By Jane Palmer
We know more and more these days about the effects of cigarette smoking on pregnancy. For instance did you know that cigarette smoke contains 2000 components. Some of the most harmful for pregnant women and their babies is thought to be nicotine, carbon monoxide and cyanide. These substances have been found to cross the placenta and reach the baby.
One of the most concerning effects of smoking during pregnancy is that the baby’s growth is restricted. A baby of a woman who smokes weighs on average 170 to 200 grams lighter. The more a woman smokes the greater the weight reduction. Having a smaller baby is not a positive thing. A smaller baby does not mean that the birth will be easier. The reason babies are smaller is that cigarette smoking restricts blood vessels therefore reducing the amount of nutrients and oxygen reaching the baby. This leads to a lower birth weight and a baby more prone to becoming ill after birth.
Research has found that potential effects of smoking during pregnancy include an increased chance of genetic abnormalities. There has been associations made between pregnant women smoking and increased chance of cleft lip, cleft palate, problems with bowel, eyes, ears and spinal cord. There are also increased abnormalities found with the placentas. The effects of smoking goes beyond the birth. There have been links made between women smoking during pregnancy and their children developing respiratory problems, such as asthma, later in childhood.
The health benefits for stopping smoking are immense, this particularly true for pregnant women. Women need support to stop smoking from their families and from health professionals.
I am finding it difficult to stop smoking. I have managed to reduce the amount I smoke, will this have a positive effect?
You are not alone. Around 20 per cent of pregnant women smoke. Of these women, over half smoke more than 10 cigarettes per day. Only about four per cent of women who smoke manage to stop smoking in the second half of their pregnancy. It is known that if you are able to stop smoking in the first half of your pregnancy, that by the time of birth the baby will be close to normal size.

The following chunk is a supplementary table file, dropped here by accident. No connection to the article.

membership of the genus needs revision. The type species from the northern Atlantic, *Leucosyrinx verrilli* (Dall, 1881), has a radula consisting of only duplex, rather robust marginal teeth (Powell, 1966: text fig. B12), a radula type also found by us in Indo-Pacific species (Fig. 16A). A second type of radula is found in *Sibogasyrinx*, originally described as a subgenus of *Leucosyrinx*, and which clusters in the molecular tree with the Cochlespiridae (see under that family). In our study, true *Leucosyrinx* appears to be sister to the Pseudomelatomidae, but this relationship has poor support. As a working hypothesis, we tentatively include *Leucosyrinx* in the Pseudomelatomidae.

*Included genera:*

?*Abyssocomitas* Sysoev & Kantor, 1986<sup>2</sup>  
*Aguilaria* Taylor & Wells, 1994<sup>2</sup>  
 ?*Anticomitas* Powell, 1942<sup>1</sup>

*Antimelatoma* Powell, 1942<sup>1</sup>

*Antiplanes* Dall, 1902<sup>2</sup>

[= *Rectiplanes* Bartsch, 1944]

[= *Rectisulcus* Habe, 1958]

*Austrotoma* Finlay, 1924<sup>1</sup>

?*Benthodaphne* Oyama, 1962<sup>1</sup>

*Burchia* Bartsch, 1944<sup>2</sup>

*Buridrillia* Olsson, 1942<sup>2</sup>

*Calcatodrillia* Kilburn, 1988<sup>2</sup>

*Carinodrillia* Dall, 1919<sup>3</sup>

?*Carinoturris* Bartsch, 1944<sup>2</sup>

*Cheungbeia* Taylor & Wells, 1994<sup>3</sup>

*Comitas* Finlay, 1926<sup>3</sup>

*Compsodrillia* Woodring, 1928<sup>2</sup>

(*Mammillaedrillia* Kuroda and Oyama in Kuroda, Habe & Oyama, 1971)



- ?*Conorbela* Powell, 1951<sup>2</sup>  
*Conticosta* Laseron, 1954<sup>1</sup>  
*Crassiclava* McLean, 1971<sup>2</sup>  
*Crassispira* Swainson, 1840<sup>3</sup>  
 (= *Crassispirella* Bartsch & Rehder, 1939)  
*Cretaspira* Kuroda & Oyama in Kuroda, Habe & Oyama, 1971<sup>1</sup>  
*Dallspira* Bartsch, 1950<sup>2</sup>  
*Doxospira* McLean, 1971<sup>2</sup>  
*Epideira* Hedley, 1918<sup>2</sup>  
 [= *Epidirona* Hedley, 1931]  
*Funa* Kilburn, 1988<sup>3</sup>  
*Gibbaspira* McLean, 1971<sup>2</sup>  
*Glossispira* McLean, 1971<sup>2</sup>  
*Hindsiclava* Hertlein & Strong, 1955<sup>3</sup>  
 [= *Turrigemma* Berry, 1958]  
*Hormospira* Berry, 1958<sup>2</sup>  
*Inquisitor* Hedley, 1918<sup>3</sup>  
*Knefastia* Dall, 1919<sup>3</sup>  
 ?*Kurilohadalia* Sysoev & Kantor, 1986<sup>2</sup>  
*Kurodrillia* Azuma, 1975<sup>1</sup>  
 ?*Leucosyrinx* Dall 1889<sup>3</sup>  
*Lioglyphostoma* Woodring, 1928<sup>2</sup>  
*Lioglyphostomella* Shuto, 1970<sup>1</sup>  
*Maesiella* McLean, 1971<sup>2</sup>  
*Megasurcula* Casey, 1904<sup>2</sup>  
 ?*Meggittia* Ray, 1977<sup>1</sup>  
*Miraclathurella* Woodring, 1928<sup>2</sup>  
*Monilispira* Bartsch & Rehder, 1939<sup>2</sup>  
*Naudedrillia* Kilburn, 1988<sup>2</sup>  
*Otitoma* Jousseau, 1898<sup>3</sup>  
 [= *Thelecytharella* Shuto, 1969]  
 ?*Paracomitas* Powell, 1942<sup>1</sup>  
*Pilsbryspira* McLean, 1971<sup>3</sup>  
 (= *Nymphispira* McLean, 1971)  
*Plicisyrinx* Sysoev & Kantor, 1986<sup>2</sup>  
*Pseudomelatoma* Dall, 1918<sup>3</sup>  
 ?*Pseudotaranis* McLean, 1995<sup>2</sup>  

However there is no safe level of smoking. Woman are encouraged to quit. Even reducing the amount of cigarettes smoked, still exposes the baby to harmful substances. But if you find that you are unable to stop smoking completely – it is important to remember ‘the less you smoke, the less effects on the baby’.
Can smoking affect my pregnancy?
Yes, smoking can affect pregnancy. Smoking increases heart rate, increases blood pressure and depresses the nervous system. This not only effects the baby but causes increased complications for the mother. The increased rate of chest infections and blood clotting disorders is of particular concern.
Smoking during pregnancy also increases the risk of ectopic (OK) pregnancy, miscarriage, stillbirth, problems with the placenta, vomiting requiring hospitalisation, bleeding during pregnancy, polyhydramnios (OK) (too much amniotic fluid), thrush, urinary tract infections and premature birth. Again the more the woman smokes, the higher the risk of complications.
Where can I get help to stop smoking in pregnancy?
We know it is very difficult to stop smoking. Discuss your concerns regarding smoking during pregnancy with your midwife or doctor. They should be able to provide you with information and support about quitting. You can also call the Quitline on 131 848. They can send you a quit package or put you on to a specially trained counsellor for support.I have heard that smoking can cause SIDS?
The evidence is fairly clear on this point – the risk Sudden Infant Death Syndrome (SIDS) is increased if the mother smokes during her pregnancy. There is also evidence to show that if the father smokes while the mother is pregnant, SIDS also is increased. Ideally both parents would stop smoking during pregnancy, but the less you smoke the less the risk of SIDS.
After birth it is important to keep babies in a smoke free environment. Stop people from smoking in the house, car or anywhere near the baby. By following these simple steps it helps to reduce the incidence of SIDS. For more information contact your midwife, doctor or National SIDS Council of Australia.
- Ceida. (OK) (1997). [Smoking during pregnancy]. Handout.
- National SIDS Council. (1997). Reducing the risk of sudden infant death syndrome (SIDS). Author: Melbourne.
- Palmer, J. (1995) Maternal cigarette smoking: The effects. Midwifery Matters, 9 (2), 18-21.